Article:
CHICAGO – The U.S. Court of Appeals for the Seventh Circuit has reversed its initial decision and decided to rehear a case en banc, taking another look at the question of whether sexual orientation discrimination is protected under Title VII of the Civil Rights Act.
The case, Hively v. Ivy Tech Community College, was filed by Kimberly Hively, who alleges her employer, Ivy Tech Community College, of South Bend, Ind., didn’t promote her because she was a lesbian and eventually terminated her because of her sexual orientation. Previous to this decision, sexual orientation was not a determination for discrimination, making this another opportunity for the court to look at the possibility of such discrimination being a violation of Title VII.
“It’s pretty rare to get an en banc review in general,” Damon Suden, partner at Kelley Drye, in New York, told the Cook County Record. “It’s unusual, so I think that it should raise people’s interest in the case. It signals that the Seventh Circuit en banc court had an interest in addressing this issue head-on, which hasn’t been addressed since certainly the Supreme Court marriage decisions and some other cases from the Supreme Court on gay and lesbian issues.”
The Seventh Circuit Court’s ruling to rehear the case en banc follows its initial decision that Title VII does not protect against sexual orientation discrimination. This marks a turn in events for Hively, who filed the en banc appeal following a ruling by the same court that she didn’t have a sexual orientation discrimination case under Title VII.
“I think it means the en banc court wants to address this issue,” said Suden. “If I was the plaintiff I’d be pretty optimistic about my chances here. If they wanted to leave things with the status quo they could have denied en banc review. My suspicion is that they are probably going to reverse the panel ruling, which would mean reversing their prior decision from 2000 on this issue, but it’s always dangerous to speculate on what the court will do.”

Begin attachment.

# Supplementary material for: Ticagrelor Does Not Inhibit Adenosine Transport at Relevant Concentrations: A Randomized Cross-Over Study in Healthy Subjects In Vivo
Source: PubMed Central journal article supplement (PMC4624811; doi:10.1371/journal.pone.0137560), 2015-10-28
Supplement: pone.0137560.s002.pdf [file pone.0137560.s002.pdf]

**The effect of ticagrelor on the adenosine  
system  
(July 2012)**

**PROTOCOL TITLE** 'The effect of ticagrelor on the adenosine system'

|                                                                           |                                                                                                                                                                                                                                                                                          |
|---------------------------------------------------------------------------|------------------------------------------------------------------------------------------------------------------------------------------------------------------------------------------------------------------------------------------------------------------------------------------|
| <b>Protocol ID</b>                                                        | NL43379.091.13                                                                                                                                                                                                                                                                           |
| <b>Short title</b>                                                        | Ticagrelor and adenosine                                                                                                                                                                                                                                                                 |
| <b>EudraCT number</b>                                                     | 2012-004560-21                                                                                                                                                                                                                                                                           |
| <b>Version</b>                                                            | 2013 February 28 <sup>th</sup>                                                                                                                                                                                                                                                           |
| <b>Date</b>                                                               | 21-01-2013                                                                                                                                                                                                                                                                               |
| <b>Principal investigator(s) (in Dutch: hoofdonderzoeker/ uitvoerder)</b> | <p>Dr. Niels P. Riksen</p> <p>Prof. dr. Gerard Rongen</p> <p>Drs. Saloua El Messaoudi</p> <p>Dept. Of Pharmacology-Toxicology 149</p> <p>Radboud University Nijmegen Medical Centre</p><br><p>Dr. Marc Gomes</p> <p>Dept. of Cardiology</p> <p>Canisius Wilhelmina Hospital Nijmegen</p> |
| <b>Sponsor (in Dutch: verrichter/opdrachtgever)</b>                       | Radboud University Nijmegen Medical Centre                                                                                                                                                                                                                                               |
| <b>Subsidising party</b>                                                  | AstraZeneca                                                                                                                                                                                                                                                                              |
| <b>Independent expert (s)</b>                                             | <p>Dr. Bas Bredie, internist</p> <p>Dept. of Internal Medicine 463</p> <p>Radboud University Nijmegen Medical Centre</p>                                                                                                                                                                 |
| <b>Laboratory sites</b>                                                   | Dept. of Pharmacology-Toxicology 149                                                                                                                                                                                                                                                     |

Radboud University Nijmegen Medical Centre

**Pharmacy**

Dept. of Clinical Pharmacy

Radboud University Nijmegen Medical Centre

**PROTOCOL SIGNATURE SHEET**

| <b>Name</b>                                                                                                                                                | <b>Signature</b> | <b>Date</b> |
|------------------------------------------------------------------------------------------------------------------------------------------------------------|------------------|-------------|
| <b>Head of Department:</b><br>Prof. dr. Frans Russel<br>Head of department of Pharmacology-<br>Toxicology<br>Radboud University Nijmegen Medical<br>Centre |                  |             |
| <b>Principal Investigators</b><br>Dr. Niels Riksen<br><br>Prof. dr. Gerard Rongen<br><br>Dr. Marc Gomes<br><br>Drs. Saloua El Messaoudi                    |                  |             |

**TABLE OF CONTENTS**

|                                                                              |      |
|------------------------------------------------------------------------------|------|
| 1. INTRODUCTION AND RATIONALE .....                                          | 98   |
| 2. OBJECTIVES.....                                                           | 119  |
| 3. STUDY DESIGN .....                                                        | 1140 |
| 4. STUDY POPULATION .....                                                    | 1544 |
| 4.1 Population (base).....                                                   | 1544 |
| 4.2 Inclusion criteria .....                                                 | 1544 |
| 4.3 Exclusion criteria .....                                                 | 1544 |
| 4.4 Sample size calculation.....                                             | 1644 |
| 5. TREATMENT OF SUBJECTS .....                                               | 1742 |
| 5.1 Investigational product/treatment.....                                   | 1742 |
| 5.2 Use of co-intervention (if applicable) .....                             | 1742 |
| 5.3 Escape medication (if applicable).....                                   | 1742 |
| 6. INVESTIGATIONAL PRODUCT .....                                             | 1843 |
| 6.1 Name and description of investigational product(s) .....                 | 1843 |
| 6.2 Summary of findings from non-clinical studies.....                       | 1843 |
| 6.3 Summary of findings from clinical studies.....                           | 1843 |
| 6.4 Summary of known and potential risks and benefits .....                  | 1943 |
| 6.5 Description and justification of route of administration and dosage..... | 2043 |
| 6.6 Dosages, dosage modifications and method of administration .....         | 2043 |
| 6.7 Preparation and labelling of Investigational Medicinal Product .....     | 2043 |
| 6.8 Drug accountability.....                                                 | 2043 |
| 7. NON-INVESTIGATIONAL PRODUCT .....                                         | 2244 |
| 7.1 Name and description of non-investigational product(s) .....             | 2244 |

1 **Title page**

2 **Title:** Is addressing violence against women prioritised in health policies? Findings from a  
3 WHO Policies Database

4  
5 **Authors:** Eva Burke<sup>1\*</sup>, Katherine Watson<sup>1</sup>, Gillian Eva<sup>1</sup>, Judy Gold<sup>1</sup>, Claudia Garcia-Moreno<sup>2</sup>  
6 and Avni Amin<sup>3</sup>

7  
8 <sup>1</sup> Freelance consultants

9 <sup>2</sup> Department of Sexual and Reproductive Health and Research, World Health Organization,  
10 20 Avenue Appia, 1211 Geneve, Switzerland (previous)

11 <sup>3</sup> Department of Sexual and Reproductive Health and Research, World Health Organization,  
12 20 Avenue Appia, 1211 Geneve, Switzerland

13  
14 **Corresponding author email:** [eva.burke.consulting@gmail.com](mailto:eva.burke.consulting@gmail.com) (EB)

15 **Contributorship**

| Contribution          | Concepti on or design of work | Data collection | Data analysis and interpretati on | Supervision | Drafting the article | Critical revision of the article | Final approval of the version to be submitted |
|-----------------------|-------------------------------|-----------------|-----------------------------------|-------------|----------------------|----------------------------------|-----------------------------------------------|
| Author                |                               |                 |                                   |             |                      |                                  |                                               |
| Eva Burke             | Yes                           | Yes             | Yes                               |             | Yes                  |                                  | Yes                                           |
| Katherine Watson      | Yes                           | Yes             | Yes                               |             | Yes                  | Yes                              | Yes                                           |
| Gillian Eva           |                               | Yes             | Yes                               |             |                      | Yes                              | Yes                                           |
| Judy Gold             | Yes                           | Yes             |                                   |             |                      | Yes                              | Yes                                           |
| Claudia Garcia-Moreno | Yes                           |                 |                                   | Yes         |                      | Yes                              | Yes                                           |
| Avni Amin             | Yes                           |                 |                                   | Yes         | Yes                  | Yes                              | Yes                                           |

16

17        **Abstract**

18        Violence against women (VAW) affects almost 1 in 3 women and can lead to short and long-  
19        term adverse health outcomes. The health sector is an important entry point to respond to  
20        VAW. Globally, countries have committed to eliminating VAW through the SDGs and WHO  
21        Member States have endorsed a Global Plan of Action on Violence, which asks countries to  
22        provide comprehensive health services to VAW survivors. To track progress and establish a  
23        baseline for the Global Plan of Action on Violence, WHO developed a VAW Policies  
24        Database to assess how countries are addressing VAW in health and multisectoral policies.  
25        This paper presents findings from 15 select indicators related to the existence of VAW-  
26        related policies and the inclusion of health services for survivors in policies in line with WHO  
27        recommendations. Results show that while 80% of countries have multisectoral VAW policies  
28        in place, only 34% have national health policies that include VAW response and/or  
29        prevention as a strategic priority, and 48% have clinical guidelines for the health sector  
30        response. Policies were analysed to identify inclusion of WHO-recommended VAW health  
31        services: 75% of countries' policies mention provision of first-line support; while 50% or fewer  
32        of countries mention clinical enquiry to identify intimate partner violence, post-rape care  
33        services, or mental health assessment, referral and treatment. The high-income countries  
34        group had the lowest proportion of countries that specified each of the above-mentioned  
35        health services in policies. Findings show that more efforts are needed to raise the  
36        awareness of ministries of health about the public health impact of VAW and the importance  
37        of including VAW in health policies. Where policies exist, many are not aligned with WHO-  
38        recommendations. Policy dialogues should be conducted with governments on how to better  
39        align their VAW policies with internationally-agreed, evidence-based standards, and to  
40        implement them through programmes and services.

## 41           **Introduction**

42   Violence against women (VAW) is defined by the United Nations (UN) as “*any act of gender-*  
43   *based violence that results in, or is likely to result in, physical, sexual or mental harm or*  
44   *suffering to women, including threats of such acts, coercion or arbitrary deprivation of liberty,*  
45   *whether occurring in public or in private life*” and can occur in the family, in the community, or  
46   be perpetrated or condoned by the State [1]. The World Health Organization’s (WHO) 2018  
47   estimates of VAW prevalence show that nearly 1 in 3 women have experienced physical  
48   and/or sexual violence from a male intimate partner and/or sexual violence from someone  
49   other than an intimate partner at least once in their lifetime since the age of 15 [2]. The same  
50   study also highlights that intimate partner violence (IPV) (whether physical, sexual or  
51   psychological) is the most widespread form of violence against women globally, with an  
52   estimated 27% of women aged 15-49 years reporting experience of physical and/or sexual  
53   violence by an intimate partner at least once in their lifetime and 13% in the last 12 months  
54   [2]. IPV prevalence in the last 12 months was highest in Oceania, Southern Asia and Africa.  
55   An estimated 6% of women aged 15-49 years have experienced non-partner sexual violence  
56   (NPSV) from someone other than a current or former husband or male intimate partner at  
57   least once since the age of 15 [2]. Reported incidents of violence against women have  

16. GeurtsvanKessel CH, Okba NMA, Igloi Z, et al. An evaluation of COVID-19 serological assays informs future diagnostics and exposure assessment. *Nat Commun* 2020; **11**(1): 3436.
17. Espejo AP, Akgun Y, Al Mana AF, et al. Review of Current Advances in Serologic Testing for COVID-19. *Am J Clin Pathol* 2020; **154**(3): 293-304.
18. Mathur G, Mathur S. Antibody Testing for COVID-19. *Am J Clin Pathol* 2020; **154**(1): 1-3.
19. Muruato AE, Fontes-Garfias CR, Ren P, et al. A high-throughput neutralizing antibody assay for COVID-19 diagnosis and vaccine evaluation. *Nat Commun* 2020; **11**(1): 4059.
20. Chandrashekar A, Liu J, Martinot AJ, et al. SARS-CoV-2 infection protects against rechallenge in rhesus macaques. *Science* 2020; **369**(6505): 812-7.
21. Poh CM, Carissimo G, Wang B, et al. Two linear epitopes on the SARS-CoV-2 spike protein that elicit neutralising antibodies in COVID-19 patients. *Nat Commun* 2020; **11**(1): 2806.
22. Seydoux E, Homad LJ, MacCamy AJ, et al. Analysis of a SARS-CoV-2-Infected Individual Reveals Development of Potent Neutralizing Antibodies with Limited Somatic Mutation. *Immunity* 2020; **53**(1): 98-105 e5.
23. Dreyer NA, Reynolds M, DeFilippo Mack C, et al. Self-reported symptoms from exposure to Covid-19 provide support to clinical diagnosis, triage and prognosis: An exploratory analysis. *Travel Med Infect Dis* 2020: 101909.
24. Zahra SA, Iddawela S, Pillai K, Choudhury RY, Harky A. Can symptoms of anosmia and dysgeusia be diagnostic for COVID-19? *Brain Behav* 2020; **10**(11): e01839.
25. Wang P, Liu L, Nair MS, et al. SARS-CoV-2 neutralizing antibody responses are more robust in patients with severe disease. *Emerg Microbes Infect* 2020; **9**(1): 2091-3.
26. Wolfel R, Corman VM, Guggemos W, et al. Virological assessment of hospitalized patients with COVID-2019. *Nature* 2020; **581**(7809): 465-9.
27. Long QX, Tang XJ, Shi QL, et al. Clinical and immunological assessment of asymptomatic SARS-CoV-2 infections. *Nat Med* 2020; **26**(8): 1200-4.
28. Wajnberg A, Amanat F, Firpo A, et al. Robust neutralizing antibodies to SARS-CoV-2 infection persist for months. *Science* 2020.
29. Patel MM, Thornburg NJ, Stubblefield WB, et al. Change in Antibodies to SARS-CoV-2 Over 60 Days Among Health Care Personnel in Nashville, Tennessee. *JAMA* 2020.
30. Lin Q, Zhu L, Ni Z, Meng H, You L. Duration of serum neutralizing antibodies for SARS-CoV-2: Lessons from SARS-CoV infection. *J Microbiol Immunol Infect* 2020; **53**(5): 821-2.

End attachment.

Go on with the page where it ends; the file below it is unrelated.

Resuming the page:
Depending on how the en banc review ruling goes by the Seventh Circuit Court, it could change the landscape for employers that may be open to more litigation under the decision.
“This is an important issue for employers all over the country for knowing whether sexual orientation discrimination is prohibited by Title VII,” said Suden. “I think what businesses want is clarity and certainty about what the law is so they can comply with it. I think if we get a ruling that clarifies this situation here, that’s for the best.”
Creating clarity about whether sexual orientation is a violation of Title VII would also allow plaintiffs an easier time in court, as they would be able to claim they were discriminated against because of their sexual orientation.
“If you can just go in and say I was fired because I was gay, that obviously would make it easier for plaintiffs to pursue claims against their employers,” said Suden. “On the other hand, employers are currently getting sued by LGBT people who are being discriminated against and fired. It’s just that those claims have to be litigated towards what we view as proper claims under Title VII. The claims have to be shoehorned into a stereotyping type of agreement instead of just being a head-on sexual orientation claim.”